Death of entrepreneur sheds light on gory side of development training courses

Ke Jiayun
Career people are often sucked into workshops that promise to reinvent their personalities – often with disastrous results.
Ke Jiayun

Wei Meng, 32, principal of venture capital firm DCM and mother of two, fainted at an executive training workshop on self-development in mid-August and died in hospital two days later.

The death of the young entrepreneur focused public attention on Legacy, the consulting company that operates the course. The firm, with offices in Hong Kong, Beijing and Shenzhen, was accused of running a "mental pyramid scheme."

According to Sina Finance, Wei may have buckled under harsh rebuke from several others in the course about matters such as working too hard and neglecting her children.

For its part, Legacy released an announcement on its WeChat account, acknowledging Wei's death, thanking the doctors at Beijing's Chaoyang Hospital for her emergency treatment and expressing appreciation for all those who provided support for her family.

Wei's husband Li Bo called her death an accident and said she was not subject to any kind of brainwashing. He said any speculation to the contrary was hurtful to the family.

China's market watchdog is now investigating Hong Kong-based Legacy and the agency's branches in Beijing and Shenzhen have been temporarily closed, Southern Metropolis Daily reported.

Such management training courses, which are similar to "human potential" operators Erhard Seminars Training and Lifespring in the US, are said to use tactics that crush a trainee's psychological defenses and then seek to rebuild a better persona.

Death of entrepreneur sheds light on gory side of development training courses

That's not to say that all self-development courses for workers are tainted. Many programs run through business schools or privately are designed to improve worker's self-esteem, nurture leadership, build team spirit and help executives deal with stress. Some consulting companies provide psychology courses so that employers can better oversee the mental well-being of employees.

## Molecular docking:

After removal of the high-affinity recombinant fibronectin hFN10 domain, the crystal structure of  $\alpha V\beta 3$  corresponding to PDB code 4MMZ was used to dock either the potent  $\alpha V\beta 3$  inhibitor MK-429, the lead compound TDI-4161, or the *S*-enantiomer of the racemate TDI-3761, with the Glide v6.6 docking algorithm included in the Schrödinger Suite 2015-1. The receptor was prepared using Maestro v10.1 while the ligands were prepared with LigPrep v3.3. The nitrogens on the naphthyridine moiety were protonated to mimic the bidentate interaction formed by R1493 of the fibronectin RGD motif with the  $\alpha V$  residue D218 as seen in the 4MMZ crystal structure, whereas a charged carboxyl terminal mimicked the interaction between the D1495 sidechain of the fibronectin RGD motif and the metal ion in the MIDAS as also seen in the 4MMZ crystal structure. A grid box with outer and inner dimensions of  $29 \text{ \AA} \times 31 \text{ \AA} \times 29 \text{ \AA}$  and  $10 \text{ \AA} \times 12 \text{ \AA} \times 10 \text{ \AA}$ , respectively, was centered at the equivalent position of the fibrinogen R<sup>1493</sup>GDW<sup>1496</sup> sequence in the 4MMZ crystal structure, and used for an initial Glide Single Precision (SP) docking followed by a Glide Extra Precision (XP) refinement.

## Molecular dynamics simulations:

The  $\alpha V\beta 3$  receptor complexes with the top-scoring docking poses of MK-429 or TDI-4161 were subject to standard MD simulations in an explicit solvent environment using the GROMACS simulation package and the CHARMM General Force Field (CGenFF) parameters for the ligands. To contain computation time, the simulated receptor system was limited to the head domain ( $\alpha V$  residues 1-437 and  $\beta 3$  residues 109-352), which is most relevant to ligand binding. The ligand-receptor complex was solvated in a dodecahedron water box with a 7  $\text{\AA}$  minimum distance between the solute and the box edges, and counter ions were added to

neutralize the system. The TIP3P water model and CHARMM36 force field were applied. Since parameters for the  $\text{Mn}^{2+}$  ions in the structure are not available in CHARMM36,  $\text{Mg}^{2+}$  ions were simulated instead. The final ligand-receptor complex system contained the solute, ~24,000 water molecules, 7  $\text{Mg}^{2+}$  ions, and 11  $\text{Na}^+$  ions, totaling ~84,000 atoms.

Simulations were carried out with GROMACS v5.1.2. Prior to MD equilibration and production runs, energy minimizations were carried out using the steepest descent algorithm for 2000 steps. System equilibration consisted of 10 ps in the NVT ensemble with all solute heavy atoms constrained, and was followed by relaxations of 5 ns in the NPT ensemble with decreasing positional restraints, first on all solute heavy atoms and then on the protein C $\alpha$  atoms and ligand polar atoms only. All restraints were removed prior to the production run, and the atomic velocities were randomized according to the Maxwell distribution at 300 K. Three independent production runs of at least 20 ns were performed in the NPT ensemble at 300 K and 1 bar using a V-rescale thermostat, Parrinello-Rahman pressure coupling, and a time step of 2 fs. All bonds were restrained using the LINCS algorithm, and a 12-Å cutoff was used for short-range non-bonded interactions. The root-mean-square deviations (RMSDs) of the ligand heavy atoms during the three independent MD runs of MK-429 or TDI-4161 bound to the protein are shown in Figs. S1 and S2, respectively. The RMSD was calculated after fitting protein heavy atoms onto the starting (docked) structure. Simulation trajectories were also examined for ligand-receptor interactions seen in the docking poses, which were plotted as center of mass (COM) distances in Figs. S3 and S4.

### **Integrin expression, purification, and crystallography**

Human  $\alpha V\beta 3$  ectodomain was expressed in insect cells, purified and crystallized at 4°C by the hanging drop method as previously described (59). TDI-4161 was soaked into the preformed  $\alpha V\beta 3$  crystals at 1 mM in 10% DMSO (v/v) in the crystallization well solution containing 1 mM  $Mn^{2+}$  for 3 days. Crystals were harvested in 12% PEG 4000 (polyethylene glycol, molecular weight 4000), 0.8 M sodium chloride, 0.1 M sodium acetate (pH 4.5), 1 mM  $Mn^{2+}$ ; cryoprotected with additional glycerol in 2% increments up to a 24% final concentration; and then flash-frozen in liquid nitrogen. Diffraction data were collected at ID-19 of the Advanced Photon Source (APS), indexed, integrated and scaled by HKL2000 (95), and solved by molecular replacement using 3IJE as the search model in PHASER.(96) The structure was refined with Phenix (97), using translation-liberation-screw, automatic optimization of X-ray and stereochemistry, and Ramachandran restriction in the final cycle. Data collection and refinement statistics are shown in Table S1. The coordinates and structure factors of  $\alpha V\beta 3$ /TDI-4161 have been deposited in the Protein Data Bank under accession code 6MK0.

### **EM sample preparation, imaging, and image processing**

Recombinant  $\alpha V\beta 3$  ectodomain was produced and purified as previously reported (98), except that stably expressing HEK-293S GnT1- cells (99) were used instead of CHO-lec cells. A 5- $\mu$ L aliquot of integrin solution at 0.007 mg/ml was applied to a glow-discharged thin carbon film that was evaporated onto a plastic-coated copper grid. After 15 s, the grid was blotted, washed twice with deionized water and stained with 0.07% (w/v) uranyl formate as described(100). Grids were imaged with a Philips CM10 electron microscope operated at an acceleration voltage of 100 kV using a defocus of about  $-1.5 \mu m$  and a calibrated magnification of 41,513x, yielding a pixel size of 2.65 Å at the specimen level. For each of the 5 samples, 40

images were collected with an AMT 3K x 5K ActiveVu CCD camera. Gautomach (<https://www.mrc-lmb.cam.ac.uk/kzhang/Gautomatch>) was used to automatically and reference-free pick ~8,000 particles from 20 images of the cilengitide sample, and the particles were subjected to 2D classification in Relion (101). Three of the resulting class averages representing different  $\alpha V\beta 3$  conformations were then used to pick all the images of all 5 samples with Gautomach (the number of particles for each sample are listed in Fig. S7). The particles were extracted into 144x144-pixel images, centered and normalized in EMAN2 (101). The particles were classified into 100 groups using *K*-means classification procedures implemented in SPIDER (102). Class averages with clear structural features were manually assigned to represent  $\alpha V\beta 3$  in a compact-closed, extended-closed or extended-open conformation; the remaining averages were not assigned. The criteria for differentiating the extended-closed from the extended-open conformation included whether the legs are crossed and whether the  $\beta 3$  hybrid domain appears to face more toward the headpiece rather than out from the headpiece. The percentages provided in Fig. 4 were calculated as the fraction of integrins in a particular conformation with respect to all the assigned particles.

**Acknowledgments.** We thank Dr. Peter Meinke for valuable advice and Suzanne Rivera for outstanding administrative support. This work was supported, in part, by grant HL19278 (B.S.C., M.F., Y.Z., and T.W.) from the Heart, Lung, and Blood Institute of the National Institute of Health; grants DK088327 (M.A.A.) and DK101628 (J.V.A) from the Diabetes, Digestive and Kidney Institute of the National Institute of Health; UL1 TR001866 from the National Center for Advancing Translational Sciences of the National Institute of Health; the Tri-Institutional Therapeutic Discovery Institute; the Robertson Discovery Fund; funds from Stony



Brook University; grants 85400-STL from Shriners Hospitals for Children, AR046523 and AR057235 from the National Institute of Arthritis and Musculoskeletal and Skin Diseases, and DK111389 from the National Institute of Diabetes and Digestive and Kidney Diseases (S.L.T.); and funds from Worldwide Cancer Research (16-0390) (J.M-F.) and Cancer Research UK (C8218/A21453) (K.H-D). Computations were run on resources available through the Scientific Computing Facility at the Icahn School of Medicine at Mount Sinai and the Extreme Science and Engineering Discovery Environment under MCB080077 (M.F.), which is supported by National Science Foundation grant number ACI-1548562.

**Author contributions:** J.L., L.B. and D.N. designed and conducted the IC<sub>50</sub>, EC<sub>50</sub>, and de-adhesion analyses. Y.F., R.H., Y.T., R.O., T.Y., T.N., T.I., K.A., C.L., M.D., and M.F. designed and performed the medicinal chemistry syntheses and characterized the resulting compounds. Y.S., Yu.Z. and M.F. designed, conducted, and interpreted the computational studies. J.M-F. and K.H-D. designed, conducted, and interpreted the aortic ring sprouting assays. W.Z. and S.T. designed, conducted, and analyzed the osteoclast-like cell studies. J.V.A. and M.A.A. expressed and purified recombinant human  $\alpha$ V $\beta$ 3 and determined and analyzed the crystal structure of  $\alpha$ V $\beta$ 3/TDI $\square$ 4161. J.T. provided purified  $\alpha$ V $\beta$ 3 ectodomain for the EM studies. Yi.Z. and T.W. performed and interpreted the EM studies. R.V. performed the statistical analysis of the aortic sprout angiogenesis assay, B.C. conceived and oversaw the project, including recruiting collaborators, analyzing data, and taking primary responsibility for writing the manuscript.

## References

Shang Xiaoxin, 28, who works for an Internet company and is a user of Zhihu, a Quora-style Q&A platform in China, told Shanghai Daily that he once attended a workshop operated by Legacy Shenzhen to "explore himself." It was recommended by colleagues.

"The trainees in my class included entrepreneurs, salesmen, insurance workers and business executives," he said. "Those who had problems with the course mostly quit, while the majority of those who completed the course believed it works."

He told Shanghai Daily that some people did seem better after the course, more at ease with themselves and more confident.

Shang was not one of them. He quit the course halfway through because he came to believe that trainees were being brainwashed. Those who proved very "loyal" to the operator were rewarded by appointment as class group leaders or even went on to become Legacy employees.